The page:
Chris Bosh Claims Basketball Wives TV Show Infringes On His 'Life Rights'

from the publicity-rights-gone-mad dept

It can certainly be embarrassing if an "ex" has not so nice things to say about you. That's even more true if you're famous, and the ex is publicly dishing the dirt on your relationship -- perhaps in a tell-all book or a TV show. But is that illegal? That appears to be the claim of NBA player Chris Bosh. scarr points us to the news that Bosh is suing the producers of VH1's Basketball Wives for violating his trademark, publicity rights and "life rights," because his ex-girlfriend and the mother of his child is on the show.

You can see the full filing below, and it's one of those kitchen sink filings, where Bosh and his lawyers toss in all sorts of random complaints, even if there are no legal issues there. For example, it complains that the show is called Basketball Wives, but the women are often ex-wives or merely girlfriends. It also complains that Bosh's ex-girlfriend is trying to promote her own brand. Both of these claims should be answered with a big: "So what?"

Bosh tries to get around the obvious First Amendment defense of his ex- by claiming that her participation and speech on the show is primarily commercial, rather than communicative:
"The use of Plaintiff's name by Defendants is primarily commercial and not communicative. Further, the show, 'Basketball Wives,' is not transformative, but rather the use, depiction, or imitation of celebrity NBA basketball players, including Plaintiff, is the very sum and substance of the show."
Basically, it's clear that Bosh doesn't like his ex- being on the show, and clearly isn't happy about what's being said about him. But none of that means he has a legal right to stop it.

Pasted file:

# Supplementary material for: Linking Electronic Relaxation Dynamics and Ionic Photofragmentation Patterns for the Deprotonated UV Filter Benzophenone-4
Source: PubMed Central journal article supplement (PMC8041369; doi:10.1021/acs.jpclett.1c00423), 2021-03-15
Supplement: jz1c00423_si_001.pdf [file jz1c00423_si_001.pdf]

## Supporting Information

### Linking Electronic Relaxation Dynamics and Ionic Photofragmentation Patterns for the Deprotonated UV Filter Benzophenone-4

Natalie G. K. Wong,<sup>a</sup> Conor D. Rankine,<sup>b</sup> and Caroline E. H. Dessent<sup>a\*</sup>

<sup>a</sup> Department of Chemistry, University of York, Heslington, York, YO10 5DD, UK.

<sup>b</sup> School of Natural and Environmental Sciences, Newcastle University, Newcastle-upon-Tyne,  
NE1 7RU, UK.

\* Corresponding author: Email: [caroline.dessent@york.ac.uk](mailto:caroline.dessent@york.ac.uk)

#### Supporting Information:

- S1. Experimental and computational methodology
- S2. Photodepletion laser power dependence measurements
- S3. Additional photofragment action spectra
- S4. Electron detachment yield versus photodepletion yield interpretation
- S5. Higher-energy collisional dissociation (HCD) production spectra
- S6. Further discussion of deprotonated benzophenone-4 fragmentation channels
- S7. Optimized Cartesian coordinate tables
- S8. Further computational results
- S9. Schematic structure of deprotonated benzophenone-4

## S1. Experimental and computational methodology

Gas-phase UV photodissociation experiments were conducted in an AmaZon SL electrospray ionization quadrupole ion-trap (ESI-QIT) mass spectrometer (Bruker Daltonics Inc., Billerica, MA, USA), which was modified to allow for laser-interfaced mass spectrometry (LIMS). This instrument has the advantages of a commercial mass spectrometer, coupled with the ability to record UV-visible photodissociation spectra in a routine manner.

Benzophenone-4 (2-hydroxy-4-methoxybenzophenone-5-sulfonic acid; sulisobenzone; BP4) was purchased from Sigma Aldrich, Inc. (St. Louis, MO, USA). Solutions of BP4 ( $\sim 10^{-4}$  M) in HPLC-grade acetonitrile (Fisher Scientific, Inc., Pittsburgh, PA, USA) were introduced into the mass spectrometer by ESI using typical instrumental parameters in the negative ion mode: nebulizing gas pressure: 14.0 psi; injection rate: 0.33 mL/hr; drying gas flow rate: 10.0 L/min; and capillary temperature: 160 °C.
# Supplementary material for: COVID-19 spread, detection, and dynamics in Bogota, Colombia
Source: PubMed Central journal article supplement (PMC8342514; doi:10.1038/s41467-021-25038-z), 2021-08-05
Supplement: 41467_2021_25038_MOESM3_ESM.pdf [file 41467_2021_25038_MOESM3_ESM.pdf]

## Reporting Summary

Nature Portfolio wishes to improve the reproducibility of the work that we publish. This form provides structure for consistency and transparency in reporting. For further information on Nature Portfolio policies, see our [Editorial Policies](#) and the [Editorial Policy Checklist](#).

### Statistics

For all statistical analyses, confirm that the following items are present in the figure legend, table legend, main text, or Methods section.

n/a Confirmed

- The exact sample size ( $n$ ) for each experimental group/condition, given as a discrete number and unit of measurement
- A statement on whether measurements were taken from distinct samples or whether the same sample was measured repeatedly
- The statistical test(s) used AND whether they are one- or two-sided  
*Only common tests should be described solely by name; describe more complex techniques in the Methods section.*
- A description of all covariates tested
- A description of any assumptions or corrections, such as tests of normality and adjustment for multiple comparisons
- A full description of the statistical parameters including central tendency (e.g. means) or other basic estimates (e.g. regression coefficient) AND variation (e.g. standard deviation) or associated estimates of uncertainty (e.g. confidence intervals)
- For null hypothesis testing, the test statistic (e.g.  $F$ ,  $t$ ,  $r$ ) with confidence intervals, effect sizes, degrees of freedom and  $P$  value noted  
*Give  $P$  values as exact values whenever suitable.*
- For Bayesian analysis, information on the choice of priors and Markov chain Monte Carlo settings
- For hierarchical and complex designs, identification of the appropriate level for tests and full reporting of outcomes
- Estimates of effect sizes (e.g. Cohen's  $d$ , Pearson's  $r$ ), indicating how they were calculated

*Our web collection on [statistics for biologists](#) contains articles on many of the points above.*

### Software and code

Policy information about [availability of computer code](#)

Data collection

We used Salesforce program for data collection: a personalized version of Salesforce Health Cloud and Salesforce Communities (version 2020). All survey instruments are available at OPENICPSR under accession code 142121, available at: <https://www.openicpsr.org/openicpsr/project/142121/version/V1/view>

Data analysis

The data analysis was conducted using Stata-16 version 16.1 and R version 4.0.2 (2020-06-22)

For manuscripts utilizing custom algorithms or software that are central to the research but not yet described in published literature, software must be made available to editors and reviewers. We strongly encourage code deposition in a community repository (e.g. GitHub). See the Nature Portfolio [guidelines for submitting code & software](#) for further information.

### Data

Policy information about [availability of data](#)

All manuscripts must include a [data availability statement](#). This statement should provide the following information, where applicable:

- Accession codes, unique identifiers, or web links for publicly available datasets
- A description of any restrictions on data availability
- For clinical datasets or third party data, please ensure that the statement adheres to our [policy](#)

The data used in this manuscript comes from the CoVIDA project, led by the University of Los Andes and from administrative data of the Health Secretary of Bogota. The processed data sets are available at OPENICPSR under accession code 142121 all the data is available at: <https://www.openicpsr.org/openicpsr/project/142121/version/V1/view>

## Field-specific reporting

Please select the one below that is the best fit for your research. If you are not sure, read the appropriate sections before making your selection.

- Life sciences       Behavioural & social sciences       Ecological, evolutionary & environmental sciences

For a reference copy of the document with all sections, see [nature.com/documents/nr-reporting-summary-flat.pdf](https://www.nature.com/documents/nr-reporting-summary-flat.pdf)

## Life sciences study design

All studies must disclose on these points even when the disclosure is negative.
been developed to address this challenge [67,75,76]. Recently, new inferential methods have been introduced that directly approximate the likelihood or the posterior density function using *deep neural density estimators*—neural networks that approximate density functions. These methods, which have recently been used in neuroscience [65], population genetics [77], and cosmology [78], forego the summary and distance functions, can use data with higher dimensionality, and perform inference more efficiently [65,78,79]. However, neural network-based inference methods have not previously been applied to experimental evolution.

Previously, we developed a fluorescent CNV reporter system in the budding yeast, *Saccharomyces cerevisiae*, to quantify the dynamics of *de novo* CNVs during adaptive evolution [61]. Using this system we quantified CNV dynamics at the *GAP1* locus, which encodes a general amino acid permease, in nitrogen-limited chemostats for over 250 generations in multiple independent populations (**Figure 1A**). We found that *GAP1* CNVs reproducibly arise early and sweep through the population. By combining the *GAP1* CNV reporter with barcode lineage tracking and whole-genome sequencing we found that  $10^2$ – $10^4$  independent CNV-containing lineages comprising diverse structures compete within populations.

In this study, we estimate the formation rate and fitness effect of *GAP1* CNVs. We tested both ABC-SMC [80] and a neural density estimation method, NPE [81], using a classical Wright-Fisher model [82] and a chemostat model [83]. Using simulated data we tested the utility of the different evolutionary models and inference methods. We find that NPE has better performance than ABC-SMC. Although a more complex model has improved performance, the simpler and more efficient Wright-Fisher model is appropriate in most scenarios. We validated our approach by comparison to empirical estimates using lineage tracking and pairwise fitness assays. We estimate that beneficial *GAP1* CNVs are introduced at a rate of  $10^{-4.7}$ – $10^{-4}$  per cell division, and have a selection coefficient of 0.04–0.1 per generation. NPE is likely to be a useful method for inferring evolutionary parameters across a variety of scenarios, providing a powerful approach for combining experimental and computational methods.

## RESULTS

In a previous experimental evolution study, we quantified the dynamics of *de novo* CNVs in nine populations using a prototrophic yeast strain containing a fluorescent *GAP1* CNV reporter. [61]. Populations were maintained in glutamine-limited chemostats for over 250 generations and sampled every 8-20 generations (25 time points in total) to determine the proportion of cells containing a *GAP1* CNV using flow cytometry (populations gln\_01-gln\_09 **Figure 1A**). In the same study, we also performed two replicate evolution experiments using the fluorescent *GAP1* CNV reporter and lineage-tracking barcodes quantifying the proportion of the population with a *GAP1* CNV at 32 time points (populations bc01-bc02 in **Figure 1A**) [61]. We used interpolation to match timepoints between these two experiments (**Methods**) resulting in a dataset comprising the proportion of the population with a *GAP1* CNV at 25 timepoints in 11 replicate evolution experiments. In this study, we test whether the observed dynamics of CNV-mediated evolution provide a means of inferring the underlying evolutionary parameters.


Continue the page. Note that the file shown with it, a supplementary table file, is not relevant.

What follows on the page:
Beyond the standard "publicity rights" claims that are so popular these days due to bizarre and dangerous state laws, it seems that Bosh is going even further in claiming that this is also a violation of his "life rights," claiming that you need a celebrity's permission to portray them, which isn't actually true. This seems to be a misreading of California's publicity rights law.

To be honest, while this case will likely settle one way or the other, it actually seems like it could be a good case for establishing some case law that you don't need a celebrity's permission to talk or write about them, and you're not violating their "publicity rights," "life rights," or trademark by appearing in a show based on your connection to them.

Filed Under: basketball wives, chris bosh, life rights, publicity rights, trademark

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  1. identicon
    Steve, 5 May 2011 @ 2:29pm

    Re: Re: Actually...

    How would it put an incredible transaction cost burden on the public?

    So call the show, I slept with a basketball player, and let her say anything she wants (that isn't slander). I think she has a right to say anything she wants, and should be removed from the lawsuit because of that, but VH1 is profiting from his fame, and the way he exploits his fame is by charging people to use his name and or likeness when promoting products. Since VH1 isn't paying him, I'd argue that they are in fact hurting him economically.

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